"No!" said Lulu's mother and father, but they said it too late. Mellie was already unpacking the kit. When the car fell into another hole, important-looking pieces of kite spilled everywhere, and Mellie began to moan.
"Just what I didn't want to happen!" she grumbled, turning herself upside down to try and gather the pieces from the floor.
"They call this a road?" complained Lulu's father. "It's just one giant crater after another!"
"Now the string's unwound!" cried Mellie.
Sam made a noise like a sort of cough.
"Almost there, Sam!" said Lulu's mother hopefully, rolling down her window.
Only Lulu sat quietly, gazing at the view. Ahead, she saw a white cottage and green grass. Every few minutes, she saw glimpses of a sea that gleamed dark gray or silver bright.
All along the edge of the sea Lulu could see a mountain range of sand dunes. Strange bushes grew on them with dim gray leaves and orange berries. Strange ribbonlike blue-green grasses were combed by the sea wind. Strange narrow sandy paths twisted and climbed and suddenly vanished.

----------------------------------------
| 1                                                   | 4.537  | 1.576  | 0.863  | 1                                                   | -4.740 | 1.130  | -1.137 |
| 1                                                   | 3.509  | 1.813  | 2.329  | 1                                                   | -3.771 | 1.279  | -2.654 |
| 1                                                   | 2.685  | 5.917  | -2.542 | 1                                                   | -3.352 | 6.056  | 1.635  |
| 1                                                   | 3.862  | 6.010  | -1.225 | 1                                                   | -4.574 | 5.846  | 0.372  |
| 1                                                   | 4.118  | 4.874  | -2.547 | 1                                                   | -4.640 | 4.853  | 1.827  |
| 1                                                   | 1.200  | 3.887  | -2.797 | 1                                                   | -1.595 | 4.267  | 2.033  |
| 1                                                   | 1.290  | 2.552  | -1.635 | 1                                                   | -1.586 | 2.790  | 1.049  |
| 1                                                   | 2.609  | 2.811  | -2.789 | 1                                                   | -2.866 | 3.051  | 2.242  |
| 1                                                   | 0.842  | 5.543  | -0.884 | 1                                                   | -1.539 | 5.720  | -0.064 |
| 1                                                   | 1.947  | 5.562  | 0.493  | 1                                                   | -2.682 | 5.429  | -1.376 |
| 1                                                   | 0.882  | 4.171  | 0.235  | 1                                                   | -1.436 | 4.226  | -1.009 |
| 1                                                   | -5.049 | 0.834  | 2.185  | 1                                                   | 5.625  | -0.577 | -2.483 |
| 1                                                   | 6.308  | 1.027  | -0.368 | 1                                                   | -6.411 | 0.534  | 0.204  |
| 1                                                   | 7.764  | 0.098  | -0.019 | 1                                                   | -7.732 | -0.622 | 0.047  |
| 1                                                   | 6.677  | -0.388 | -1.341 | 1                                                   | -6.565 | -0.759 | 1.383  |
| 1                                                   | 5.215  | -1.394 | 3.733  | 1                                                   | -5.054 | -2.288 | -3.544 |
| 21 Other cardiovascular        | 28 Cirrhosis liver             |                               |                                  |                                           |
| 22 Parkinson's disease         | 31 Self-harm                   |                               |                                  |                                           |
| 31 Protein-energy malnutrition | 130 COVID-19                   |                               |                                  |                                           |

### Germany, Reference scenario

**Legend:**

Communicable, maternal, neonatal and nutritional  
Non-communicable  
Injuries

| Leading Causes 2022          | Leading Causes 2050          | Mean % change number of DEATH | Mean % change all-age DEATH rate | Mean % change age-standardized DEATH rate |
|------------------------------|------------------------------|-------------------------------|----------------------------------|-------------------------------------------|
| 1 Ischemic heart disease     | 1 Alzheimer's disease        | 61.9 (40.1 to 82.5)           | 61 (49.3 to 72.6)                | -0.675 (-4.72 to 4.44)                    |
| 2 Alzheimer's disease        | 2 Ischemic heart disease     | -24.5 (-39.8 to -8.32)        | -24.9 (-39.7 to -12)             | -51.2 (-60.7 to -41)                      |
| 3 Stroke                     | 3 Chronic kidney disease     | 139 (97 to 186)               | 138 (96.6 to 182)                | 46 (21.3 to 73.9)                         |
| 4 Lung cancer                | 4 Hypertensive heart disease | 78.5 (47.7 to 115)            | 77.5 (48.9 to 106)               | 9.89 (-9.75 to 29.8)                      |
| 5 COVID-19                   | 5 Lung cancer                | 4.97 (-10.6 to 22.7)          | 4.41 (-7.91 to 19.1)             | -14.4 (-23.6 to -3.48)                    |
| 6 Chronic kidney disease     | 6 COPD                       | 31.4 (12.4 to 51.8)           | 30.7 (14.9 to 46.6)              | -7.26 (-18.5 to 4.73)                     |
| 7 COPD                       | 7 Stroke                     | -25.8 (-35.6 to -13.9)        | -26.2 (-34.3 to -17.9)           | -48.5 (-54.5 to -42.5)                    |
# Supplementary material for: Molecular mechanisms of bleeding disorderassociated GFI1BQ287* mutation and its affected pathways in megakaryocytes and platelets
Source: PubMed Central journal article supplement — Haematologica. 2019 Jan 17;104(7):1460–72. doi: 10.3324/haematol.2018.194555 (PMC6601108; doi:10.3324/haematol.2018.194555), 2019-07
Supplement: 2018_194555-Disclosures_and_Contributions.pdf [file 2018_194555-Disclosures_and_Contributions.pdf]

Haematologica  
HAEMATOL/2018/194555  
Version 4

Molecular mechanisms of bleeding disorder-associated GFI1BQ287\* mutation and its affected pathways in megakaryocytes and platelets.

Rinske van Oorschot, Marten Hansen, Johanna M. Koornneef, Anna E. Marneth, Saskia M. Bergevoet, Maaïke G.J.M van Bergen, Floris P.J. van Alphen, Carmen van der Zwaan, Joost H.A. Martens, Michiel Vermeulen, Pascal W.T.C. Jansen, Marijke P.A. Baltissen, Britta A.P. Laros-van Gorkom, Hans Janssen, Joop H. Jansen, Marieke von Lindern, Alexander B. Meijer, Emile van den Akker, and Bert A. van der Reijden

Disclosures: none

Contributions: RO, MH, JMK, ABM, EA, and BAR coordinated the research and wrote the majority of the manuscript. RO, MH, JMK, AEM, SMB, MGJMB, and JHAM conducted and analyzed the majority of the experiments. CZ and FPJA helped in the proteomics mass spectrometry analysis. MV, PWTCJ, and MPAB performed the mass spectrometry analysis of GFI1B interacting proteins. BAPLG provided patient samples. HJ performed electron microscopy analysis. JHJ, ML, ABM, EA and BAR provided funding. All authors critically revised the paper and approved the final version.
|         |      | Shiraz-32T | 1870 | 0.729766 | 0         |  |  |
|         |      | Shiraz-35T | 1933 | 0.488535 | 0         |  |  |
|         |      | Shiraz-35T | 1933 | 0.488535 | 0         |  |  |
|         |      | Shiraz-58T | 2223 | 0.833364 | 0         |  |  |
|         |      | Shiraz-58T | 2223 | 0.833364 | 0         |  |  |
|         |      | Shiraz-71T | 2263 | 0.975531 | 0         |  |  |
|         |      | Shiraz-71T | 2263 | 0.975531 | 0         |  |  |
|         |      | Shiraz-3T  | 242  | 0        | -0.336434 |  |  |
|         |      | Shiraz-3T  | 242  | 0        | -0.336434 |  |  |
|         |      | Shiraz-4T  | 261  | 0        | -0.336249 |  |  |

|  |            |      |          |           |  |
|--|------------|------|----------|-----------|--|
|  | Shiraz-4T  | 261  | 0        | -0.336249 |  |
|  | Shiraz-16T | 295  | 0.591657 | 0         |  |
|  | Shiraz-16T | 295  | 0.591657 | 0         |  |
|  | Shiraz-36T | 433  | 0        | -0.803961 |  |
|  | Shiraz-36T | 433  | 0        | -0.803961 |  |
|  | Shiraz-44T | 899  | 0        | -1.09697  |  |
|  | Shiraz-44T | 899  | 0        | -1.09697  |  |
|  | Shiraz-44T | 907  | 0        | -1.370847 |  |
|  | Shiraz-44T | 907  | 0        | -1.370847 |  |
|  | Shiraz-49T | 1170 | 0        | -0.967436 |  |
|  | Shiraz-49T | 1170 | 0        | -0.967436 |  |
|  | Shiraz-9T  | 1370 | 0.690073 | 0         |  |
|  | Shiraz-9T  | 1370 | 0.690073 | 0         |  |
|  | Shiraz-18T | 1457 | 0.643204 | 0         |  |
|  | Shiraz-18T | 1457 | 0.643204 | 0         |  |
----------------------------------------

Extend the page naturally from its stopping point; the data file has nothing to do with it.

And all among the bushes and grass and sandy paths a strange animal leaped and ran, watching the car. It moved so quickly that the only thing Lulu could see clearly was its strange, flapping ears.
They were ears like brown paper bags.
The owner of the cottage was waiting for them when they arrived. Everyone except Mellie (who was still picking up pieces of kite) tumbled out of the car, all stiff and achy from traveling.
"Took your time, didn't you?" said the cottage owner as Lulu's parents smiled and called hello. "I saw you, dithering along that road, like there was all the time in the world!"